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The story of educator and humanitarian Mary Smith Peake (pictured) is most certainly known to students of Virginia’s Hampton University, considering much of her tale unfolded on the grounds of the historically black academic institution. On this day in 1861, Peake is credited for teaching the first class for freed slaves under what’s now known as the “Emancipation Oak.”

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Peake was born free in the town of Norfolk to an Englishman Father and Black Mother in 1823. At 6 years of age, Peake was sent north to the city of Alexandria, which was still part of the District of Columbia. For a decade, she attended school and became quite educated until a law passed by Congress outlawed free Blacks from attending schools.

At age 16, Peake returned to Norfolk in 1839 and was secretly teaching slaves and freedmen how to read and write. Her mother would later marry, and the family resettled in Hampton. Although she took up work as a seamstress, Peake taught adults in secret and even gave lessons to her stepfather.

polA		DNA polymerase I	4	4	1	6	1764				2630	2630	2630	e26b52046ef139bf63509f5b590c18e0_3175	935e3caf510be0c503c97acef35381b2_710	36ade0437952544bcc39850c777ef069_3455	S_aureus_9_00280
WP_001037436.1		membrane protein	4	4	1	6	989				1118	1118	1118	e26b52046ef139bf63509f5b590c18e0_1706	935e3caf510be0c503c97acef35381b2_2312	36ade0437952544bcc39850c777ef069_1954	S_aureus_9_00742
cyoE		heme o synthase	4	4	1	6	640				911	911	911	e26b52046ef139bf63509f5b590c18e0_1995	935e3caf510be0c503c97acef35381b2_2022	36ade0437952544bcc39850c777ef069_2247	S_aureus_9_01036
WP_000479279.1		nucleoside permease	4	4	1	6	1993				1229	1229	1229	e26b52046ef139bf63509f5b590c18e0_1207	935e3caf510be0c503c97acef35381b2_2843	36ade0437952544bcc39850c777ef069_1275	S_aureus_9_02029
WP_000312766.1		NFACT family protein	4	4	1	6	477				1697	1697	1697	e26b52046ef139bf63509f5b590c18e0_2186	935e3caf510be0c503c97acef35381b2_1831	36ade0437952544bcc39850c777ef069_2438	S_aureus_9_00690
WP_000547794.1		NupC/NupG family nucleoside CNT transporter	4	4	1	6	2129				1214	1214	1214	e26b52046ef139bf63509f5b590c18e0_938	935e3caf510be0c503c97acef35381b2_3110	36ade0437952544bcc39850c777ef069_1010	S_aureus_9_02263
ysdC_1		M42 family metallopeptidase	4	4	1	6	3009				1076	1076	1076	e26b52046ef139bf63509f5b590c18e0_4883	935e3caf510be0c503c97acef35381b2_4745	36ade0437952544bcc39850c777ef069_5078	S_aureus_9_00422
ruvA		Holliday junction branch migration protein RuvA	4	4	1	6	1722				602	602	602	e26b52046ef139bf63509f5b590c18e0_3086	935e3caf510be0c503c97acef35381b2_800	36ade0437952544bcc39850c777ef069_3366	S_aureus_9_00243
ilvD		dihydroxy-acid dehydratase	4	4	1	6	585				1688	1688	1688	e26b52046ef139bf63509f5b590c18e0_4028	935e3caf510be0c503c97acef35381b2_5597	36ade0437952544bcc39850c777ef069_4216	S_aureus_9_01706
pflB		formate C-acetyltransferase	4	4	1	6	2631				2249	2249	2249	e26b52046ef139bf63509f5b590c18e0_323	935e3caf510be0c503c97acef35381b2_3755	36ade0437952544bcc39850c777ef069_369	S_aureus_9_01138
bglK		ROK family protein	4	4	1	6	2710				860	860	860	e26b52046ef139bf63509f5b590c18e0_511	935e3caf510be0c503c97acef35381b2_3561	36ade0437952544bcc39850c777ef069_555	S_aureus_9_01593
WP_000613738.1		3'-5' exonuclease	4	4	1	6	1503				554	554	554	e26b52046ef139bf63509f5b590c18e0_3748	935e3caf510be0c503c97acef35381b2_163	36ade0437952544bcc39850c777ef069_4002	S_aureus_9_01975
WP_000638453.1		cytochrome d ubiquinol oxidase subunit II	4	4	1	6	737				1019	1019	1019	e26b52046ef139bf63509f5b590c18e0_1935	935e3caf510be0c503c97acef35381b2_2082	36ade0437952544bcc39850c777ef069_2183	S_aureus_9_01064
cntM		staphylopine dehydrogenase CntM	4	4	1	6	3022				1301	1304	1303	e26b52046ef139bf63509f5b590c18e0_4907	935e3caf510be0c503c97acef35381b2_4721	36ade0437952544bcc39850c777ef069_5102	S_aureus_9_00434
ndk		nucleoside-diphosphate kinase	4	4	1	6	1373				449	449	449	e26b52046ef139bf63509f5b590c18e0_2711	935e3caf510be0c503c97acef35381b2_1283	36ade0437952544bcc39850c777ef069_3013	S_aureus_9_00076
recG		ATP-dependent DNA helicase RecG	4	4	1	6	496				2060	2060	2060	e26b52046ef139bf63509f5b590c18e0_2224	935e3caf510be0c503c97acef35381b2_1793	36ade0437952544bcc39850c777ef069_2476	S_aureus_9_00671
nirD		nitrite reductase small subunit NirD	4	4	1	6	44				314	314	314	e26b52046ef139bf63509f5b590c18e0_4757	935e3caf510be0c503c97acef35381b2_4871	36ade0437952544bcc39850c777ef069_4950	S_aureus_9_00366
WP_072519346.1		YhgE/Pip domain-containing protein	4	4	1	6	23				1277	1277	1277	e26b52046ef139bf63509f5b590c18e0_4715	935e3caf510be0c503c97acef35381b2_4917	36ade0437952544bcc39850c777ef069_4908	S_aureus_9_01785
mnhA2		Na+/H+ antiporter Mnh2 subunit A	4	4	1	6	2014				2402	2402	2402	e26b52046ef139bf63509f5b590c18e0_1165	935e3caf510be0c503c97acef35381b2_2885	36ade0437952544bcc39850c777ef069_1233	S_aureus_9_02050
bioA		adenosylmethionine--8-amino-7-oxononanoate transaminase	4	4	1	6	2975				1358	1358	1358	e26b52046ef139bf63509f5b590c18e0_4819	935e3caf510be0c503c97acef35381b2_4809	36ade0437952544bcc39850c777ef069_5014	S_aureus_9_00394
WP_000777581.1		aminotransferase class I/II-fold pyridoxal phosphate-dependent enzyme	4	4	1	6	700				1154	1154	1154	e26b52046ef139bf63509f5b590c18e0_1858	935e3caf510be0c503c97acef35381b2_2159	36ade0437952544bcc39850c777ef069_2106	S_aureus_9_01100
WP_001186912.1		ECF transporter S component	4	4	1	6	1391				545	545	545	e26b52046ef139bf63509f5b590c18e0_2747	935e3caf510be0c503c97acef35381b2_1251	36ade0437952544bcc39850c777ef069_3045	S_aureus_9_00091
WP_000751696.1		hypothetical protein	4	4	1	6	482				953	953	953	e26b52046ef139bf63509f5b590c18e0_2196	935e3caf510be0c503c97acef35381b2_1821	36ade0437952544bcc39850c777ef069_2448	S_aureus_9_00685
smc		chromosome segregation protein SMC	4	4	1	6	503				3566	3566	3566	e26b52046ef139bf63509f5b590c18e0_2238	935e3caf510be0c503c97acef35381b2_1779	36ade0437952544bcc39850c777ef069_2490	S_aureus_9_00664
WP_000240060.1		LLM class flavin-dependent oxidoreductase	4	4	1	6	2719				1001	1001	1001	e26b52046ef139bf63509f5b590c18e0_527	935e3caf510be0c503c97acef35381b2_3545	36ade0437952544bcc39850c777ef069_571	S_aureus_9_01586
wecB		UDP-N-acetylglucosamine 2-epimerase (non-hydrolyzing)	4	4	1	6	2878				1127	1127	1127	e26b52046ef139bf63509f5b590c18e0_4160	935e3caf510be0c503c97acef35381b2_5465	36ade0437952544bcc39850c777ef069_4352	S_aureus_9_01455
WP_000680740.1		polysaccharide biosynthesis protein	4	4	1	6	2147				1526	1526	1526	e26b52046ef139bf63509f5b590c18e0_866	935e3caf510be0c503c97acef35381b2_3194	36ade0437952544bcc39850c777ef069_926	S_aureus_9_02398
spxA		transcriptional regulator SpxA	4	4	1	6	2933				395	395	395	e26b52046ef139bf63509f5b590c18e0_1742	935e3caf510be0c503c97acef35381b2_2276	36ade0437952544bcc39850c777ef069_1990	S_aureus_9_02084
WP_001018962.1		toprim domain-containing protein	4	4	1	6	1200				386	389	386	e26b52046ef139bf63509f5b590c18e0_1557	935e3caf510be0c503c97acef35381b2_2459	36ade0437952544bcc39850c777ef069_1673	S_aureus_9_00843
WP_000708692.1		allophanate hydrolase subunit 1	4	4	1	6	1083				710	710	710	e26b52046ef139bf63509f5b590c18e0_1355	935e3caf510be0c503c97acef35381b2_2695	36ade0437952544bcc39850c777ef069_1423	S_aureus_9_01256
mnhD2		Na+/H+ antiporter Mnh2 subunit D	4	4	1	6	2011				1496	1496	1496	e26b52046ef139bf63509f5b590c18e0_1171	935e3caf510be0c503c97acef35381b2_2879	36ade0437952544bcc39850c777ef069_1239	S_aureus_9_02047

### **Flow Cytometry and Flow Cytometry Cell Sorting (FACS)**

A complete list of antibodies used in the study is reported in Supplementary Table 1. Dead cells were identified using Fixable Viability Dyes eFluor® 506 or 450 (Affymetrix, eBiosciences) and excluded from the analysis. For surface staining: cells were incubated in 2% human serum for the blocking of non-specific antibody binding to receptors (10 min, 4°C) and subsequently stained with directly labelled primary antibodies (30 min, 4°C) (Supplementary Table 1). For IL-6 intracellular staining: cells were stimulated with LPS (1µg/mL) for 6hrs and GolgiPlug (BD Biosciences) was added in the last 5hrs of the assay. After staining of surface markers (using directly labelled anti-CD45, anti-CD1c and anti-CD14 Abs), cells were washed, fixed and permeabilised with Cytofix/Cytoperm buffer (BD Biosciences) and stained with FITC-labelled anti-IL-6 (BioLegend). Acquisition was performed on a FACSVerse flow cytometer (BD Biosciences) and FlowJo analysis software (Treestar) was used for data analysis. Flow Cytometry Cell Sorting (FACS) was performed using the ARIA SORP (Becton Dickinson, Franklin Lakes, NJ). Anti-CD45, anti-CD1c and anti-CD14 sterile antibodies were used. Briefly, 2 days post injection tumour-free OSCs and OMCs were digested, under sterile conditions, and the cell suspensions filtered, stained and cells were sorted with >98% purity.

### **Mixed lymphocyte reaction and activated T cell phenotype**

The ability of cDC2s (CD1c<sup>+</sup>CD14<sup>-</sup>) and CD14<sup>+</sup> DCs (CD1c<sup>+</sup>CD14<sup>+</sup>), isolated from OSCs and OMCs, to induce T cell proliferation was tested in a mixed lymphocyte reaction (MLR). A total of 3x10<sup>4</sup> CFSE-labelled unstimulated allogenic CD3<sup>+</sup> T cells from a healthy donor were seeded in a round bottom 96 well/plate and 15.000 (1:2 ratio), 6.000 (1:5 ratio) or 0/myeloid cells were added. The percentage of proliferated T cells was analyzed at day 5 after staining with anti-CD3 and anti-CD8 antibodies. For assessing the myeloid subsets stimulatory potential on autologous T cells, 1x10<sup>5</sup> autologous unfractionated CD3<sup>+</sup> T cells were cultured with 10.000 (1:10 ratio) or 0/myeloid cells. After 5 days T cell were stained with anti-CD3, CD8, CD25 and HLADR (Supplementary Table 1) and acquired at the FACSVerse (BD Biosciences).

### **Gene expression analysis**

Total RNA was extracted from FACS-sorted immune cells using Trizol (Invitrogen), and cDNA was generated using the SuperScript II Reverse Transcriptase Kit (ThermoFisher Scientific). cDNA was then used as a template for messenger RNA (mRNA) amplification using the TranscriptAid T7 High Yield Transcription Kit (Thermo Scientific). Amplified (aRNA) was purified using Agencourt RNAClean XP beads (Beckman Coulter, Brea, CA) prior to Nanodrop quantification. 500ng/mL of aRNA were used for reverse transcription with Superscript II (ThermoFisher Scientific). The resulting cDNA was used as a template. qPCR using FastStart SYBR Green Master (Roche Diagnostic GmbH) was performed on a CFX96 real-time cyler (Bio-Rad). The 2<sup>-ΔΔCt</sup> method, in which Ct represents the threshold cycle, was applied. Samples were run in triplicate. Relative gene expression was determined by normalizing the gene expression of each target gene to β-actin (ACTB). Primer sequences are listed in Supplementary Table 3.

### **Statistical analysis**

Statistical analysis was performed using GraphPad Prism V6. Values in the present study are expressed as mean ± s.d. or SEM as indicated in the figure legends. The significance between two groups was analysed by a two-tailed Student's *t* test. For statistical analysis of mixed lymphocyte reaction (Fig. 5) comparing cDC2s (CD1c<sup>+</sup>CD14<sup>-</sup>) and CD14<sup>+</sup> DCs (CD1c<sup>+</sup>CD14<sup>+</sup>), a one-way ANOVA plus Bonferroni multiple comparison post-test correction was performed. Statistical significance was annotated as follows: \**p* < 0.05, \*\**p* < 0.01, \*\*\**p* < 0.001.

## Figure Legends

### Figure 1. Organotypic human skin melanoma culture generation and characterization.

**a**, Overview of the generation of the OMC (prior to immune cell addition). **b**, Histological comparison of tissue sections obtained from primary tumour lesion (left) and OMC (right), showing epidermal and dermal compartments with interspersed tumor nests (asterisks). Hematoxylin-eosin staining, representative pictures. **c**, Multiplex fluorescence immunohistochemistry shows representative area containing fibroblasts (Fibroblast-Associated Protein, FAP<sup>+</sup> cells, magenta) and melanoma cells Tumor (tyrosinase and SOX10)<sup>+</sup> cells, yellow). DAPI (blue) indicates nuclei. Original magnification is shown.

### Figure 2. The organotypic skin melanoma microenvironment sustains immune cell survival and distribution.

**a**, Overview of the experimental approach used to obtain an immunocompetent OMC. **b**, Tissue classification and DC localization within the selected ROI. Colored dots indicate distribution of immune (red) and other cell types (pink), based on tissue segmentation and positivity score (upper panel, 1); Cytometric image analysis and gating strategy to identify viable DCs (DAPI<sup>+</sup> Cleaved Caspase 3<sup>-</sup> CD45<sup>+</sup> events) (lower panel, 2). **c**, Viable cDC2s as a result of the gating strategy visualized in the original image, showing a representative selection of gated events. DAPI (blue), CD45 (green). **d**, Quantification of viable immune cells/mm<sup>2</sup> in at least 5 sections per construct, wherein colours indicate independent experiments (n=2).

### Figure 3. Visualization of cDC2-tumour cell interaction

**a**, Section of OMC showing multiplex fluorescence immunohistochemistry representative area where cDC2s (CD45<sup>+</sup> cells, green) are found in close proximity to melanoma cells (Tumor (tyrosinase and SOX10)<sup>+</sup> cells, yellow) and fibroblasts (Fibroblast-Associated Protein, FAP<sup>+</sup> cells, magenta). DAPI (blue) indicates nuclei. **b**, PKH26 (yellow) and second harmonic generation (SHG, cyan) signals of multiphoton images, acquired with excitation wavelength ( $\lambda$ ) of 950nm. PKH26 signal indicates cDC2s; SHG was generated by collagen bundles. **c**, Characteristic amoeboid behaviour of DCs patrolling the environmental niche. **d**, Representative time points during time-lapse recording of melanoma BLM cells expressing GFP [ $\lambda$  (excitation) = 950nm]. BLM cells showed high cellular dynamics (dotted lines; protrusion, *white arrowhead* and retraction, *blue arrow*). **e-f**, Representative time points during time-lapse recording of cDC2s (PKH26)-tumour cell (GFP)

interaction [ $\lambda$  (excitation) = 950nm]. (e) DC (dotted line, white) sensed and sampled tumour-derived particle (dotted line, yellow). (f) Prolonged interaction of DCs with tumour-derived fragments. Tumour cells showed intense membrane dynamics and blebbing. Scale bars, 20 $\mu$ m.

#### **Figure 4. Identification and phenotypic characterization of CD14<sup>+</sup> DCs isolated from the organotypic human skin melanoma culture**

In 1851, Peake would marry and later had a daughter; however, the year 1861 would turn out to be the most-legendary chapter of her life.

During the Civil War, the Union Army held Fort Monroe, which was near the Peake home. At the time, the Union referred to the slaves as “contraband,”  so they could keep Confederate forces from returning them to slave owners. The fort ended up serving as a safe haven for slaves escaping from Confederate forces.

Peake would start teaching the children of former slaves, and the American Missionary Association (AMA) paid Peake a small salary to become its first Black teacher.

Under a large oak in the now-extinct town of Phoebus (now Hampton), Peake held the class, greeting around 20 students. The AMA later gifted Brown Cottage to Peake, which is often referred to as the first building on Hampton University’s campus. Peake taught 50 children in the day and 20 adults at night. However, Peake’s time at the helm of Brown Cottage would come to a tragic end as she passed away from tuberculosis in February 1862.

In 1863, the tree was renamed the “Emancipation Oak” because the Emancipation Proclamation was read there for the first time in the South. The tree still stands majestic as ever on the grounds of Hampton University, and Mary Peake’s awe-inspiring legacy grows right along with it.

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